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FTC Files Corteva and Syngenta Class Action Complaint

The Lyon Firm is investigating claims that Syngenta and Corteva may have violated state and federal antitrust laws by limiting competition.

Any farmers or distributors who have participated in loyalty programs and bought pesticides from Syngenta and Corteva should contact the firm for more information about ongoing class action lawsuits.

The Federal Trade Commission (FTC) and ten state attorneys general have filed a class action complaint against pesticide manufacturers Syngenta Crop Protection and Corteva, Inc. for allegedly paying distributors to block competitors from selling cheaper alternative products to farmers.

The complaint alleges that Corteva and Syngenta have loyalty programs in which distributors only get paid if they limit business with pesticide competitors. By limiting competition, the defendants can inflate their prices and force farmers to spend more for their products.

The complaint filed by the Justice Department aims to eliminate such “pay-to-block” schemes and restore competition to the agricultural market.

The FTC alleges Syngenta and Corteva have created monopolies through harmful and illegal tactics and “deprived farmers of cheaper and more innovative options.”

The FTC complaint outlines the two pesticide manufacturers’ efforts to artificially, and perhaps illegally, extend their patent advantages. Usually when a pesticide patent expires after 20 years, generic versions of the product enter the market to compete with the original brand-name product. The generics push prices down and many other manufacturers can compete for farmers’ business.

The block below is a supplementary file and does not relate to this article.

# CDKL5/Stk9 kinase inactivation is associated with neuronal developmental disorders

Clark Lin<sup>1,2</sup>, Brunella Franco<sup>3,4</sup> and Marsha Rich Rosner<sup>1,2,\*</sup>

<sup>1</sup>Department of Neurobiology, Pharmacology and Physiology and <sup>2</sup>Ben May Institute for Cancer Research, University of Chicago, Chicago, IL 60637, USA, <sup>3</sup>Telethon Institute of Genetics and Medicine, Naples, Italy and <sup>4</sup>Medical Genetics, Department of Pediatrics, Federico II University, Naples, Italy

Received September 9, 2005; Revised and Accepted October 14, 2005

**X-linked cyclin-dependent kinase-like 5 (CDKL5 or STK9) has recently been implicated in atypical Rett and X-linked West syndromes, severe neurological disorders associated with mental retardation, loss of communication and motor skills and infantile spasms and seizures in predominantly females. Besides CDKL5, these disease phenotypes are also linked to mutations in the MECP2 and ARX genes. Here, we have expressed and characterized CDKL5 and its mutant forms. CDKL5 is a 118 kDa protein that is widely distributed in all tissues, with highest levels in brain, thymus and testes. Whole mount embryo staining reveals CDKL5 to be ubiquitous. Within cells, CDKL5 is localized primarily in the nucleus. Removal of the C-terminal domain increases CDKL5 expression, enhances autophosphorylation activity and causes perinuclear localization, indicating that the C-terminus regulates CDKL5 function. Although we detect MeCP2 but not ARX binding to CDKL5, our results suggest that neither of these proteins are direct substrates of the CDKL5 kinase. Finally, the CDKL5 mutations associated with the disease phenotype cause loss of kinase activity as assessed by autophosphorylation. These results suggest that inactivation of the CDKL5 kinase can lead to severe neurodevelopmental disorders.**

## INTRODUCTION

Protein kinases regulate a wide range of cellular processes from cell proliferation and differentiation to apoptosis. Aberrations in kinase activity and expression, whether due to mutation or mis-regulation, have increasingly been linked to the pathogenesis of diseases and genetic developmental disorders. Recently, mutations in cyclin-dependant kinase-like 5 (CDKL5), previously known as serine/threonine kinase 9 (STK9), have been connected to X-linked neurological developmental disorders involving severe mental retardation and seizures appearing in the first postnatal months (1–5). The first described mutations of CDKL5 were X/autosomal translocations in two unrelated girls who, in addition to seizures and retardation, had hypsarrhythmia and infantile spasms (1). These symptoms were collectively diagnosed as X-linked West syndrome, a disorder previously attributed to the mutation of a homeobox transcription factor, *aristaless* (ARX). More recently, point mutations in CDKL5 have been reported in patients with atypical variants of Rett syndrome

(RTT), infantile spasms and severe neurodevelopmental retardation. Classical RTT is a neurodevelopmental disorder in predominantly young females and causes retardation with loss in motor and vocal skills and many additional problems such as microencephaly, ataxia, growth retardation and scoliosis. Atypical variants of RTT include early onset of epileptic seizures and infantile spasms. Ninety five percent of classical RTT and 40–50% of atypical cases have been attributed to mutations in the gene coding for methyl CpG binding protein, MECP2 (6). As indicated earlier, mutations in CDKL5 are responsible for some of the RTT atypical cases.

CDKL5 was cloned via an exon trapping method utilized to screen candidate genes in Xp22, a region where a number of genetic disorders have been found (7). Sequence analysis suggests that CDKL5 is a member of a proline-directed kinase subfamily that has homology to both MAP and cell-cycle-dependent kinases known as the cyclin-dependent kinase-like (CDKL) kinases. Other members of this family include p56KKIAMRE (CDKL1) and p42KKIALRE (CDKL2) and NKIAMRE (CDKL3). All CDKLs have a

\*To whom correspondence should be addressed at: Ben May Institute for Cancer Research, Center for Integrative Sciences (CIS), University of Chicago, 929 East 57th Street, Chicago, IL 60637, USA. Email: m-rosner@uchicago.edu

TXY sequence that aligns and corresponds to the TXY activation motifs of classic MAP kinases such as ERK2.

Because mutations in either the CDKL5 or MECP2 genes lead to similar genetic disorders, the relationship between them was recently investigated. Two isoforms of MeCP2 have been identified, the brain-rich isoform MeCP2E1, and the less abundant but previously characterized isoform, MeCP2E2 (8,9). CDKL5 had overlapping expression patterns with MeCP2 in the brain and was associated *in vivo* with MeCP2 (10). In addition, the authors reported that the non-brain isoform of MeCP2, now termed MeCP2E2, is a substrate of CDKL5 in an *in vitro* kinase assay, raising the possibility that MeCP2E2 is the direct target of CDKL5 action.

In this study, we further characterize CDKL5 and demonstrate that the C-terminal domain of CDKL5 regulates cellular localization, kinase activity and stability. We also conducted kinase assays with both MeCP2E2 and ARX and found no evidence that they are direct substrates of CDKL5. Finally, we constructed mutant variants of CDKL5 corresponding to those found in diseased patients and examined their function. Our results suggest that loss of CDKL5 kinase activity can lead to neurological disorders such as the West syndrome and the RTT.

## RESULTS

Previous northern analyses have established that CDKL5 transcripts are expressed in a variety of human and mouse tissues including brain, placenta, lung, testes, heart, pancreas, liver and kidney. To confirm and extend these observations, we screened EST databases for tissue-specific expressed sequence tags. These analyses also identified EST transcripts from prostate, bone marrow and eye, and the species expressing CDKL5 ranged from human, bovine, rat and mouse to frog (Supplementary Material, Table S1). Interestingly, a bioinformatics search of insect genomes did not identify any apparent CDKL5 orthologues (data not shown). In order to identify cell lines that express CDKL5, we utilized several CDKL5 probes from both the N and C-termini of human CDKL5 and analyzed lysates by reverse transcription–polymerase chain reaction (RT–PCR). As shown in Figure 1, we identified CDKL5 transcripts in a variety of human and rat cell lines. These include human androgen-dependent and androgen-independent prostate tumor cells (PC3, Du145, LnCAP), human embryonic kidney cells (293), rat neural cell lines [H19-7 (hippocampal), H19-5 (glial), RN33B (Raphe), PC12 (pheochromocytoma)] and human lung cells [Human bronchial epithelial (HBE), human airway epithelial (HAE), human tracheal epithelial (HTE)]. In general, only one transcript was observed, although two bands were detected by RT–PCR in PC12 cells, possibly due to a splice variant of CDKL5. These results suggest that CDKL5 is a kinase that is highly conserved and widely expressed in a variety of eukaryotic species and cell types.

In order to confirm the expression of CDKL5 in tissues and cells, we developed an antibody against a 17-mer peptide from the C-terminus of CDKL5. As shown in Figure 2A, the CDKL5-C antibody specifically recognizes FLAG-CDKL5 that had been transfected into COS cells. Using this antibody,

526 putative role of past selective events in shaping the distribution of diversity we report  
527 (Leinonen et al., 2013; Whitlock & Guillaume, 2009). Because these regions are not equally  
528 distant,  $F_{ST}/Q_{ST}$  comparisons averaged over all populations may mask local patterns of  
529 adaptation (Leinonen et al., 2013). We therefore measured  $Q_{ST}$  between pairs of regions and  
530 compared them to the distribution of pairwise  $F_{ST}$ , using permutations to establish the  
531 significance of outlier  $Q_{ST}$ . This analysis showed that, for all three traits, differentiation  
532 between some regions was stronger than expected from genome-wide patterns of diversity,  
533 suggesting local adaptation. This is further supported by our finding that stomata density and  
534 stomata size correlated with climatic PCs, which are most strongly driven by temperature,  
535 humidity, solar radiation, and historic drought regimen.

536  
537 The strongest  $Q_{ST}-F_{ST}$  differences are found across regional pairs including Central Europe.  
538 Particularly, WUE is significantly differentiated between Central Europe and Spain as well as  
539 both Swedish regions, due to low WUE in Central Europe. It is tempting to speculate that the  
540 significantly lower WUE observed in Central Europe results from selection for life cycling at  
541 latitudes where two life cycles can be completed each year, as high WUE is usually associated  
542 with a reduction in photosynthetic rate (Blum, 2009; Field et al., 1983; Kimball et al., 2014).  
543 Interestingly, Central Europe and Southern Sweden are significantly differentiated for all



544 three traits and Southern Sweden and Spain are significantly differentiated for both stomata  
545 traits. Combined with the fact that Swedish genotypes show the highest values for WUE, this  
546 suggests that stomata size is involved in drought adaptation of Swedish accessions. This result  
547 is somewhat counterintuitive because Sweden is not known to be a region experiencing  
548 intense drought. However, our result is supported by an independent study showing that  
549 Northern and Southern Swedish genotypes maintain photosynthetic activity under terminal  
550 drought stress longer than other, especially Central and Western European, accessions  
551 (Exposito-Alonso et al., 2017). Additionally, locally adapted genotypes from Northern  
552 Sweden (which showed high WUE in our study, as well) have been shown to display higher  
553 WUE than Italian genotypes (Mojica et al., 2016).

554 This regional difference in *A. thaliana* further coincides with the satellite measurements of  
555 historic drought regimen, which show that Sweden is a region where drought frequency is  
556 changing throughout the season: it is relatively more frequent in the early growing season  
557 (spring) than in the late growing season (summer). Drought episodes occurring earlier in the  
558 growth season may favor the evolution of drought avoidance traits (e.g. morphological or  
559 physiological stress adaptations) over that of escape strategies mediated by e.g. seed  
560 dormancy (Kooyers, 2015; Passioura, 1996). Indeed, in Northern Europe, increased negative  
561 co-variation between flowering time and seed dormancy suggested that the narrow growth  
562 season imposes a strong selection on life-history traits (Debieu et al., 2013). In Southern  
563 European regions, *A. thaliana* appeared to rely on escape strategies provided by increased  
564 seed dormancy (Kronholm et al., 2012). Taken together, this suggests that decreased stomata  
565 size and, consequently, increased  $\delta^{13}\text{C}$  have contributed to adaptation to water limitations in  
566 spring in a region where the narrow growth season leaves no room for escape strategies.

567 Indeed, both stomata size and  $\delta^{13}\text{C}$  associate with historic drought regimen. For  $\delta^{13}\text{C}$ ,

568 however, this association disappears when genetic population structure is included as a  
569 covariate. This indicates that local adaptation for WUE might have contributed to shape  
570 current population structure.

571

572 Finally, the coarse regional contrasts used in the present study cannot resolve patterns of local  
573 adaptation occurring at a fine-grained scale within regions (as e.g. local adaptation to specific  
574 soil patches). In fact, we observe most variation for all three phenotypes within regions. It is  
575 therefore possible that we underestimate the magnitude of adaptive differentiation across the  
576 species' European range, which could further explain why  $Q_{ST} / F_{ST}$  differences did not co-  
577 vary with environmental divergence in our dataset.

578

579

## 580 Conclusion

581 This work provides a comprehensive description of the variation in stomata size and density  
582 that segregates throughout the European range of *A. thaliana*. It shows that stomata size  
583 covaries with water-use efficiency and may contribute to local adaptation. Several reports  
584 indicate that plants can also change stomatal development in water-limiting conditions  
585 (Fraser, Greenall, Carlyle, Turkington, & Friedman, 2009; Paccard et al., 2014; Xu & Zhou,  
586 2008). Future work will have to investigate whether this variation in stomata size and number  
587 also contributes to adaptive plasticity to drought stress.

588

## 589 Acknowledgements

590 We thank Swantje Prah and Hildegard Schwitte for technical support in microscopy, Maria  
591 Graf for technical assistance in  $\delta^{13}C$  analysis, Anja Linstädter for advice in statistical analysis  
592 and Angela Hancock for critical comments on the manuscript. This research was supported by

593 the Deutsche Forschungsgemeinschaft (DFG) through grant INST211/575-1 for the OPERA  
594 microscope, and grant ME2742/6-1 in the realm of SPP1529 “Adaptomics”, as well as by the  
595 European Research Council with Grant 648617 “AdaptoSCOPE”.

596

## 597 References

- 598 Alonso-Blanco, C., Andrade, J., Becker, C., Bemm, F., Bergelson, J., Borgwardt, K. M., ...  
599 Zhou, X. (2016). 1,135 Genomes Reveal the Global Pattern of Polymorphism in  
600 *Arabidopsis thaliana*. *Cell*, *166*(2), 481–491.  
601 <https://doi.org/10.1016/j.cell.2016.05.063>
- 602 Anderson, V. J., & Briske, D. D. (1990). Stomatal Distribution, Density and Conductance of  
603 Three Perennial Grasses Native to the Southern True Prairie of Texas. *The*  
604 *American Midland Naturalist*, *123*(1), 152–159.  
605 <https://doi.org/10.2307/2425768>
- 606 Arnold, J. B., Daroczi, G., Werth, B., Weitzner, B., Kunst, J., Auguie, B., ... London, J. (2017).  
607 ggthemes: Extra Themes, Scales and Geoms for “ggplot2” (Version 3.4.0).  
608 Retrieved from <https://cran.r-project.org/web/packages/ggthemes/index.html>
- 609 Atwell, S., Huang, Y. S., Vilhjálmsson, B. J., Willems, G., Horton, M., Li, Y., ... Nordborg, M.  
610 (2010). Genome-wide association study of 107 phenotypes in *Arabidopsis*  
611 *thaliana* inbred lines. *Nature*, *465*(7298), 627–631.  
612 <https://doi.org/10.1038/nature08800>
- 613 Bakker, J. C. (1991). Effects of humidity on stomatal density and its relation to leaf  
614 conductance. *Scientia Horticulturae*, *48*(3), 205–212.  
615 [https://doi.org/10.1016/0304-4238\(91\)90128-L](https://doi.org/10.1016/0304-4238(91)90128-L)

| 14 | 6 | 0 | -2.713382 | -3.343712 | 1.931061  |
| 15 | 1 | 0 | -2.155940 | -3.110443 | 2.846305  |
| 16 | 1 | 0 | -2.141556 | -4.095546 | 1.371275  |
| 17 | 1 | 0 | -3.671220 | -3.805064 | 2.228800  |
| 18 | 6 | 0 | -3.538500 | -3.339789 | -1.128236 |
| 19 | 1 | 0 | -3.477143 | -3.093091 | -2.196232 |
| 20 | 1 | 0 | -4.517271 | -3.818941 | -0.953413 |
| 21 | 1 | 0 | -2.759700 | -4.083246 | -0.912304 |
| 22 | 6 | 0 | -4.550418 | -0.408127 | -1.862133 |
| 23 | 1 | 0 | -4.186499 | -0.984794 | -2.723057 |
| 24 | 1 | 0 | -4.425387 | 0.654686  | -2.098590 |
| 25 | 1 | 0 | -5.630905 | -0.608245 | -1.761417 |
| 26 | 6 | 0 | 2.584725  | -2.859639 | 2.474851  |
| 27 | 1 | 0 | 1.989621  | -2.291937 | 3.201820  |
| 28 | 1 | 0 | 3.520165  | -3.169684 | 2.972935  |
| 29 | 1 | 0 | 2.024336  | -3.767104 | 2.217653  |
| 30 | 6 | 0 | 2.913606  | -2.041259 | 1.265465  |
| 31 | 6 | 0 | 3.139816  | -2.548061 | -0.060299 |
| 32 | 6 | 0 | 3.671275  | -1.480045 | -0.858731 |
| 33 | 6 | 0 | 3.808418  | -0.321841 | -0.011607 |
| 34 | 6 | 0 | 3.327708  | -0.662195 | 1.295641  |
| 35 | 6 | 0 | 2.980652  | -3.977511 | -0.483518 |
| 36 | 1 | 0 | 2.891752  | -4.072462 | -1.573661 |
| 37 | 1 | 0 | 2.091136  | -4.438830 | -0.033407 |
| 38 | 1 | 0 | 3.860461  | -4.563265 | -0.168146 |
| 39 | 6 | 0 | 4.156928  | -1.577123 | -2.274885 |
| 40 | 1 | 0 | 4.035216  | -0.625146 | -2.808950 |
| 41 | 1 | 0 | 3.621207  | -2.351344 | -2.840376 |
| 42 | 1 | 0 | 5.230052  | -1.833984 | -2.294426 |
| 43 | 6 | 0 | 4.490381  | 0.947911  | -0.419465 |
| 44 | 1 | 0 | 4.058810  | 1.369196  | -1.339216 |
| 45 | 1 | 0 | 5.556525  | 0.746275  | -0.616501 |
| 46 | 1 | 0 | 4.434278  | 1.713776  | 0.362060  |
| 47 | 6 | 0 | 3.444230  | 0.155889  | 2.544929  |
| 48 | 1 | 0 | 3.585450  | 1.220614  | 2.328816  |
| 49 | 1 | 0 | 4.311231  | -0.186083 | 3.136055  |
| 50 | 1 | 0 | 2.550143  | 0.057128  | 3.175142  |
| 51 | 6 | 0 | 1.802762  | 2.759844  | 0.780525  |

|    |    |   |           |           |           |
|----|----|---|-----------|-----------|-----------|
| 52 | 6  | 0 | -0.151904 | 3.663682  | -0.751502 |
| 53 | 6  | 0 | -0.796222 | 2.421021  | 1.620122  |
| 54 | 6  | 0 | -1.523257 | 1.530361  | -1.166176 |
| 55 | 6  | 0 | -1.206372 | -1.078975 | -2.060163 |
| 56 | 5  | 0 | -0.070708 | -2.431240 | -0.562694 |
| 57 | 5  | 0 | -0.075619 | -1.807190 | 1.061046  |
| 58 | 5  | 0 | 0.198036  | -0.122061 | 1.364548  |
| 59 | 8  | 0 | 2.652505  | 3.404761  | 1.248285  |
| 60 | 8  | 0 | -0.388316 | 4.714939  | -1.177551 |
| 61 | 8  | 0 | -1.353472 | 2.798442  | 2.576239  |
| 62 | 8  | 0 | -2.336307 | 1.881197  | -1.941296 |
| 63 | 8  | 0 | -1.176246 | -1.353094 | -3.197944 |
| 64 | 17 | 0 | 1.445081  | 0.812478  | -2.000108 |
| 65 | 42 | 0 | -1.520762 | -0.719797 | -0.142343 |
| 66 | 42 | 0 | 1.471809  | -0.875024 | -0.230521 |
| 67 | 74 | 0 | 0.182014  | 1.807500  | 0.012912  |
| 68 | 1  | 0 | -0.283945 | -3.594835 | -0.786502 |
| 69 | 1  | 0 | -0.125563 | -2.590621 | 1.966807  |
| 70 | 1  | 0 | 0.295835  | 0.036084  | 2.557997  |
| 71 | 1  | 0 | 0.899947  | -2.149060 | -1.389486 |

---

Syngenta and Corteva, however, set up loyalty programs in which they make payments to distributors and in exchange the distributors keep their purchases of competing generic pesticides beneath a certain threshold. Distributors, therefore, pass along inflated prices to farmers and eventually pass higher costs on to consumers.

The class action complaint alleges the following ways in which these “loyalty” programs harm farmers, smaller pesticide manufacturers, and consumers:

  • Increasing costs for farmers: By limiting generic products, Syngenta and Corteva maintain artificially high prices for their pesticides even after their patents have expired.
  • Higher prices for consumers: Rising farming costs are eventually passed along to end consumers.
  • Suppressing competition: The loyalty payment program clearly deters distributors from doing business with smaller, generic pesticide manufacturers. Even newer, innovative mixtures of pesticides that could compete with existing products do not get fair treatment.

The FTC pesticide complaint is part of a nationwide campaign to encourage competition and innovation in economy, protect consumers, and crack down on unfair corporate tactics.

Contact The Lyon Firm to discuss the Corteva and Syngenta loyalty program case, or other potential anti-competition corporate behaviors.